Skip the vendor keynotes and lunches. Conference organizers hate it when I say this because the vendor is paying big bucks to get up in front of all the attendees. Thing is, these are almost always pure spam, and they’re rarely even done well. You’ll get much more value out of having breakfast with people on your list – because many of those people won’t bother with vendor keynotes either.
Ask the people on your list what they’re doing for dinner. When I find somebody’s work fascinating – like their blog or their Twitter feed – I usually find their non-work stuff interesting too. Warning: call me a diva, but at conferences, I like having quiet dinners with my business partners, because we rarely get the chance to spend time in person together. If you catch me at SQL Rally Amsterdam or Stockholm, though, let’s do this.
Carry a tablet, not a laptop. You probably won’t have elbow room in most sessions, and if you find yourself mesmerized in your laptop, you shouldn’t be in the session anyway. Remember why you’re here – get the hell out of the session and talk to people on your list.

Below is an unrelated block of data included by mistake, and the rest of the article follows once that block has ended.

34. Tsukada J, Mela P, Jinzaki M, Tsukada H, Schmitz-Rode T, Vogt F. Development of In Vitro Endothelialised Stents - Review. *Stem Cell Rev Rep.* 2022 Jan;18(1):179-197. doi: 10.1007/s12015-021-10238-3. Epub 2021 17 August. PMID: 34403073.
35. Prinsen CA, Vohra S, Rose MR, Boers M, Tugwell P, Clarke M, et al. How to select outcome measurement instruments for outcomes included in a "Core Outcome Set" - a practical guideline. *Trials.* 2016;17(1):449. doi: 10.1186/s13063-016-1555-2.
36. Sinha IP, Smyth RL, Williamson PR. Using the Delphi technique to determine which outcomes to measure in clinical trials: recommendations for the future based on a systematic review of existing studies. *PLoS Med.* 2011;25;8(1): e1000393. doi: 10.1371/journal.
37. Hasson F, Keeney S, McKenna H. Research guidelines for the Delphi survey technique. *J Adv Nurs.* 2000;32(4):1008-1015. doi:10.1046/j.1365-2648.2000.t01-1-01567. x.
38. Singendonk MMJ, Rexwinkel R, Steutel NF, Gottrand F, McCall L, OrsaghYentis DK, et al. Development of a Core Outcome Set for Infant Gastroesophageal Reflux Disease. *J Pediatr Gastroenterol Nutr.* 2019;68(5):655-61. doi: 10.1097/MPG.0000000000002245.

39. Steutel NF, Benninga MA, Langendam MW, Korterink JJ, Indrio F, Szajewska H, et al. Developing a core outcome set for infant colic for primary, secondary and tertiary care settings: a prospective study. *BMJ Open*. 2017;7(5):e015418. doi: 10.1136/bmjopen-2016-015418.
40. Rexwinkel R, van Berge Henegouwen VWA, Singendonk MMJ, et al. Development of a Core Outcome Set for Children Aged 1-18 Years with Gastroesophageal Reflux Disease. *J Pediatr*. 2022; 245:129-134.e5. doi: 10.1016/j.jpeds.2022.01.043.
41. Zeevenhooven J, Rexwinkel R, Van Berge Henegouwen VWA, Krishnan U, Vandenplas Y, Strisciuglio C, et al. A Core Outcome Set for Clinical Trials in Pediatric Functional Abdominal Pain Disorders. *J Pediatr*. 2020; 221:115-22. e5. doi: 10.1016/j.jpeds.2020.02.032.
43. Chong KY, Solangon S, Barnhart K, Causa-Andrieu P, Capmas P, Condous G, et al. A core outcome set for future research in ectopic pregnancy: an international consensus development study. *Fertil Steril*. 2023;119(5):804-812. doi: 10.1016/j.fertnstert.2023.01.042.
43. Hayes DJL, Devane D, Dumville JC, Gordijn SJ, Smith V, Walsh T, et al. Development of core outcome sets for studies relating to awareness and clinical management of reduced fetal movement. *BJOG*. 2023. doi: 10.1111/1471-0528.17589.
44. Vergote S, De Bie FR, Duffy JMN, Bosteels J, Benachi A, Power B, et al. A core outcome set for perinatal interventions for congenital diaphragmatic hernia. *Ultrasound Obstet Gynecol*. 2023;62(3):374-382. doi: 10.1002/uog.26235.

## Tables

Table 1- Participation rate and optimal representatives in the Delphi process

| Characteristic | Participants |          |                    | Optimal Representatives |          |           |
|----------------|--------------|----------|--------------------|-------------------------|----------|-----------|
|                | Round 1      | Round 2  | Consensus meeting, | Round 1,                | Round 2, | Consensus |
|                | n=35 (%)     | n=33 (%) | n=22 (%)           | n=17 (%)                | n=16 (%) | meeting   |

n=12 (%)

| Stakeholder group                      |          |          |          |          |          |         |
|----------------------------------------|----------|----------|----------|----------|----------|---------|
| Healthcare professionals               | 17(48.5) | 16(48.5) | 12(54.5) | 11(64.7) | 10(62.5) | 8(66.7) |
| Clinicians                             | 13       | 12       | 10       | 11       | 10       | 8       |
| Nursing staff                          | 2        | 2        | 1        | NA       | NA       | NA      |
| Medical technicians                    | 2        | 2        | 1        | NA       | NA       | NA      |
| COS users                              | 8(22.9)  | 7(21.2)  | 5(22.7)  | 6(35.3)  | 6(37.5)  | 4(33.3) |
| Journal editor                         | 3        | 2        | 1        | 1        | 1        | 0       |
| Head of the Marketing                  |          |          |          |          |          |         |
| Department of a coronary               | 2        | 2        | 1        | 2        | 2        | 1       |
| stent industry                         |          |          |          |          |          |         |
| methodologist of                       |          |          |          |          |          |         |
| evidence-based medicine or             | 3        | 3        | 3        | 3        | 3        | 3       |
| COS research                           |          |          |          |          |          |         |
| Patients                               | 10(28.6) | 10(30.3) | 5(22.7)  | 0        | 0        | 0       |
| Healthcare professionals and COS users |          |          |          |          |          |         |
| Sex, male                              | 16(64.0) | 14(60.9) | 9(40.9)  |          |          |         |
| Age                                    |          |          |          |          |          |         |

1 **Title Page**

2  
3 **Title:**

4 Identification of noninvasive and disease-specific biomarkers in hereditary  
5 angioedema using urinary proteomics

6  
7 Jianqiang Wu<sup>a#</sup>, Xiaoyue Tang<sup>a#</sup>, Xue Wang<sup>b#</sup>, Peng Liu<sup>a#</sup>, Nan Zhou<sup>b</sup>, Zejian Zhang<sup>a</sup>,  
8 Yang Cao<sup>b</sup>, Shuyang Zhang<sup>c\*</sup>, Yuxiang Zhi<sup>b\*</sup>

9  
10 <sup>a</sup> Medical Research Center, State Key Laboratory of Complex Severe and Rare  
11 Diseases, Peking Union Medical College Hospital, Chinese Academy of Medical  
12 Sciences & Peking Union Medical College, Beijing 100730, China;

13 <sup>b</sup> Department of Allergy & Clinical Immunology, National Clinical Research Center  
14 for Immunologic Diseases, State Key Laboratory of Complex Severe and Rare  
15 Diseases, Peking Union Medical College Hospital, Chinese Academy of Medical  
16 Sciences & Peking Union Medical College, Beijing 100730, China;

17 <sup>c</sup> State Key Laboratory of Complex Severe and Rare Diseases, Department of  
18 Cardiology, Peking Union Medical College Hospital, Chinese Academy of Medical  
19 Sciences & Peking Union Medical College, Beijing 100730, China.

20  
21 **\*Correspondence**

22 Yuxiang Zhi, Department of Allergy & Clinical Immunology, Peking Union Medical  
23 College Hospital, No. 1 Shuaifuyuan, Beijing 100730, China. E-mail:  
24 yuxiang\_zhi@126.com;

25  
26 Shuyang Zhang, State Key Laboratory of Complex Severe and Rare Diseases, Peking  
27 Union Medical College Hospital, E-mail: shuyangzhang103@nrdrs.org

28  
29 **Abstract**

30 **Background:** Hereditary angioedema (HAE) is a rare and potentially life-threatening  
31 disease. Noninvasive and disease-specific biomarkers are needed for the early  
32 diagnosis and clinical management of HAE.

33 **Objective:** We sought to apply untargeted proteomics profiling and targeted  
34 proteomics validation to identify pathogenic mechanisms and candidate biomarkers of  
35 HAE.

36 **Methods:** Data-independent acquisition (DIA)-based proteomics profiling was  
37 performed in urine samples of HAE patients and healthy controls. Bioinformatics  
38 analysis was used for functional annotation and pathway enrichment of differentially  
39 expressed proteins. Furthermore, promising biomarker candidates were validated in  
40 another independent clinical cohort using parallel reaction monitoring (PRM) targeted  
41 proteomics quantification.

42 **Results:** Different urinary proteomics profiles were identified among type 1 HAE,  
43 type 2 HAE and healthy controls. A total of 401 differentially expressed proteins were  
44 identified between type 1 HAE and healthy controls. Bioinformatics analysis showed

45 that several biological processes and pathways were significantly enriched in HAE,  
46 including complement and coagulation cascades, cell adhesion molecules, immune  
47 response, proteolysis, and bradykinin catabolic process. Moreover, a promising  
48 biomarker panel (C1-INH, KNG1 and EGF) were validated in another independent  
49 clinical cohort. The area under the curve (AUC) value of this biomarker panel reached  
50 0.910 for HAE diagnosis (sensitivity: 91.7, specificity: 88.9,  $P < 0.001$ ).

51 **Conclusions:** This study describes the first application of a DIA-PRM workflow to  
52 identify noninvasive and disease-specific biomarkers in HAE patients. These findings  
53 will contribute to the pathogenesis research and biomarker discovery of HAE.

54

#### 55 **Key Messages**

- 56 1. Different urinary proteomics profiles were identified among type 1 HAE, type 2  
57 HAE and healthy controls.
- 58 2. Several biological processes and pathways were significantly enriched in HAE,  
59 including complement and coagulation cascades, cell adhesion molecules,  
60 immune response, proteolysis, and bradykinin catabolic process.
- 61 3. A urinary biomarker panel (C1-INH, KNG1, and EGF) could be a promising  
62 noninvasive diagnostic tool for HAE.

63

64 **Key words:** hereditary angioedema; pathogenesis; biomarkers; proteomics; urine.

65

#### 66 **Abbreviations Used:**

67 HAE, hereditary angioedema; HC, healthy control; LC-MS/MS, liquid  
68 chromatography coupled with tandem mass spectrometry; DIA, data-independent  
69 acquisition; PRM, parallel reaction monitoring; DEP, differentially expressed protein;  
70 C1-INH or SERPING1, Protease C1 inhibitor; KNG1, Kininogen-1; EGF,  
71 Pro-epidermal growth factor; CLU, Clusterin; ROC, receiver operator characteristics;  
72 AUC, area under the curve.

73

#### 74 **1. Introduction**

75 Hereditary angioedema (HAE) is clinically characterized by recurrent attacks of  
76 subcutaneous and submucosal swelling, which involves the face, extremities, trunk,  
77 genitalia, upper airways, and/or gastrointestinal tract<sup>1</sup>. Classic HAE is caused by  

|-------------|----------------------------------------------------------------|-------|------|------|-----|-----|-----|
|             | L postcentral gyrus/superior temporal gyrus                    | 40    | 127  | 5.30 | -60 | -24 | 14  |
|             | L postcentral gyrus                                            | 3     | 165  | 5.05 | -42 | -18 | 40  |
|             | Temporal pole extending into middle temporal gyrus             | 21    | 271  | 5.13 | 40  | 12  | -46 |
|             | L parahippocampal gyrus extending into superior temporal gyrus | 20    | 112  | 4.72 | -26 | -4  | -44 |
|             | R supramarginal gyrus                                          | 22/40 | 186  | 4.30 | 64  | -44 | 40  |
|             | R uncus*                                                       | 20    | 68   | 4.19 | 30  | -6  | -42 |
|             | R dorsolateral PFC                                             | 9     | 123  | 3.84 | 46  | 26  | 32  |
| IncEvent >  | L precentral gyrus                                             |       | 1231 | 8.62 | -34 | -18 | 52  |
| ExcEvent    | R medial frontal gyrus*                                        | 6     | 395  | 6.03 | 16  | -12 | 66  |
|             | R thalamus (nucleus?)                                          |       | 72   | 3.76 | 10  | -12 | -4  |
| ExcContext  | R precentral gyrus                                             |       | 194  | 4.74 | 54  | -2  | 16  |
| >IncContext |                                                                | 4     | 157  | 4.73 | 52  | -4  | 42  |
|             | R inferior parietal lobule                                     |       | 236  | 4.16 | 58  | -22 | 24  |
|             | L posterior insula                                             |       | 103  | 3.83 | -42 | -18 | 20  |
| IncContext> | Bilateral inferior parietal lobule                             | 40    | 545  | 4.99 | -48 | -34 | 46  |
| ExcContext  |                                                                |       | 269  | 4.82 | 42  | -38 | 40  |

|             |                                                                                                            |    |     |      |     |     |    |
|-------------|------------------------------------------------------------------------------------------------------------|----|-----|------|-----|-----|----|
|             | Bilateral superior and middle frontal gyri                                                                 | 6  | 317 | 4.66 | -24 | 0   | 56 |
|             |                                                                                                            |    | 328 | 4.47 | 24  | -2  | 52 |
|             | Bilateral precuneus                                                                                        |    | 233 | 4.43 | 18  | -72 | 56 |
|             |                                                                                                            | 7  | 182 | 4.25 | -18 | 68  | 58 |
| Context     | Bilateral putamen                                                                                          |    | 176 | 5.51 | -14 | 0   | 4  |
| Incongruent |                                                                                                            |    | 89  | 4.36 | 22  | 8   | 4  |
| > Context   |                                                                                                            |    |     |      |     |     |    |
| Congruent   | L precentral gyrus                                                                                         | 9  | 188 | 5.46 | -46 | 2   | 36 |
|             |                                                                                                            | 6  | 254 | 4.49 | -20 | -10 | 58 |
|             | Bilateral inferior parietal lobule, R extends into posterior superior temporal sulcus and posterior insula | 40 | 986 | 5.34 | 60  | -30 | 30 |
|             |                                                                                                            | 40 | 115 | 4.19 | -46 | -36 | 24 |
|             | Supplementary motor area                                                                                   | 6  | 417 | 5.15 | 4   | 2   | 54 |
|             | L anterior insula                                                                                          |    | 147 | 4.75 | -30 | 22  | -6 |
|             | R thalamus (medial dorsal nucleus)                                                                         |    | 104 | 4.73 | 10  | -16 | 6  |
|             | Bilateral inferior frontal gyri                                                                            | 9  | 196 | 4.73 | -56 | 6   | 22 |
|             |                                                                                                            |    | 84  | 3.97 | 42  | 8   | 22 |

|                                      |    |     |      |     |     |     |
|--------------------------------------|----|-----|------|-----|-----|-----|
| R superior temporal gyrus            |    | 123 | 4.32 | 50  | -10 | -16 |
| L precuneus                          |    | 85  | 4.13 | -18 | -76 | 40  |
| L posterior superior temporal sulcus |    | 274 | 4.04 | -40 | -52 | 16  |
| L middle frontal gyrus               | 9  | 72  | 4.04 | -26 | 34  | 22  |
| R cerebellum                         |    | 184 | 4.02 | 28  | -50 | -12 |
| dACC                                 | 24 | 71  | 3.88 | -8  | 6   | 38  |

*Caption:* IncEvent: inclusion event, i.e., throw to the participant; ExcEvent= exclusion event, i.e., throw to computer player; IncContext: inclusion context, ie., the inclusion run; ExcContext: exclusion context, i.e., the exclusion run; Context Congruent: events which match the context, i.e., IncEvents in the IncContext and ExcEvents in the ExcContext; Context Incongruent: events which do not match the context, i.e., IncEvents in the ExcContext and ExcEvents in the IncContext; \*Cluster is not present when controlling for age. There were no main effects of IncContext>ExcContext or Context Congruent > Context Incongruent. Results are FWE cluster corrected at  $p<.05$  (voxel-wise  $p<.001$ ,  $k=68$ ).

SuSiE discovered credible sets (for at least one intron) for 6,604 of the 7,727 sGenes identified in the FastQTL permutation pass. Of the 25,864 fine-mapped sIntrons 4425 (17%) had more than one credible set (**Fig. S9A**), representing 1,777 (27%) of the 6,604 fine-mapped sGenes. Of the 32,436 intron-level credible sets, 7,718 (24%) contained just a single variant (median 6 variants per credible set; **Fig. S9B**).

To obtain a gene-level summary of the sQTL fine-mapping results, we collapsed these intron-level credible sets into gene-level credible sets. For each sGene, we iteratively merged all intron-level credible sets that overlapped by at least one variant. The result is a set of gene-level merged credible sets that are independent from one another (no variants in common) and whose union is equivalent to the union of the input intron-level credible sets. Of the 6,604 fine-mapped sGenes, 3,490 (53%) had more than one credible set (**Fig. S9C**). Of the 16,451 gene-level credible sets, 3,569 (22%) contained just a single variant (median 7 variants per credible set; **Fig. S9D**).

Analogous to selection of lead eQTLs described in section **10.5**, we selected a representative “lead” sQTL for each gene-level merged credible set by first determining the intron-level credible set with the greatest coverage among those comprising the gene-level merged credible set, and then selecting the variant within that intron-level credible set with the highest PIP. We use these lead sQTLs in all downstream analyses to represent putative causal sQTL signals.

Carry a water bottle and healthy snacks. It’s tempting to “grab coffee” with a bunch of people that you want to meet, but after several of those in one day, you’re going to be a jittery mess. Throw in the after-hours booze and you’ll be miserable after the first day. Pace yourself – after hours, consider sparkling water. (If you’re presenting, you shouldn’t be drinking at all unless you’re determined to get crappy feedback scores.)
Find the Twitter hash tag for the conference. Even if you’re not an avid Twitter user, sign up and follow that hash tag in your Twitter app. You’ll know what’s going on, where it’s happening, and you can easily strike up conversations with people you want to meet. If you see that someone on your list is at a particular coffee shop, go there. Stick out your palm. Don’t be afraid – we all suck at this. (Yes, especially me.)
Wear your name tag, and add your Twitter handle if applicable. Nobody remembers who anybody else is. We’re all overwhelmed with faces that we’ve never seen before. Don’t feel guilty for looking at name tags and then saying, “Oh, I know you!”
Don’t be afraid to ask questions. Presenters want to help – that’s why they’re here. Believe me, I lose my shirt when I present at conferences, and the free vendor t-shirts don’t make up for it. But at the same time…
But be respectful of other attendees. If you’re standing in line to ask a question after a presentation, and you’ve got a long, drawn-out question that involves looking at your laptop or picking someone’s brain, wait until the other attendees have finished asking their questions, and then offer to buy the person coffee.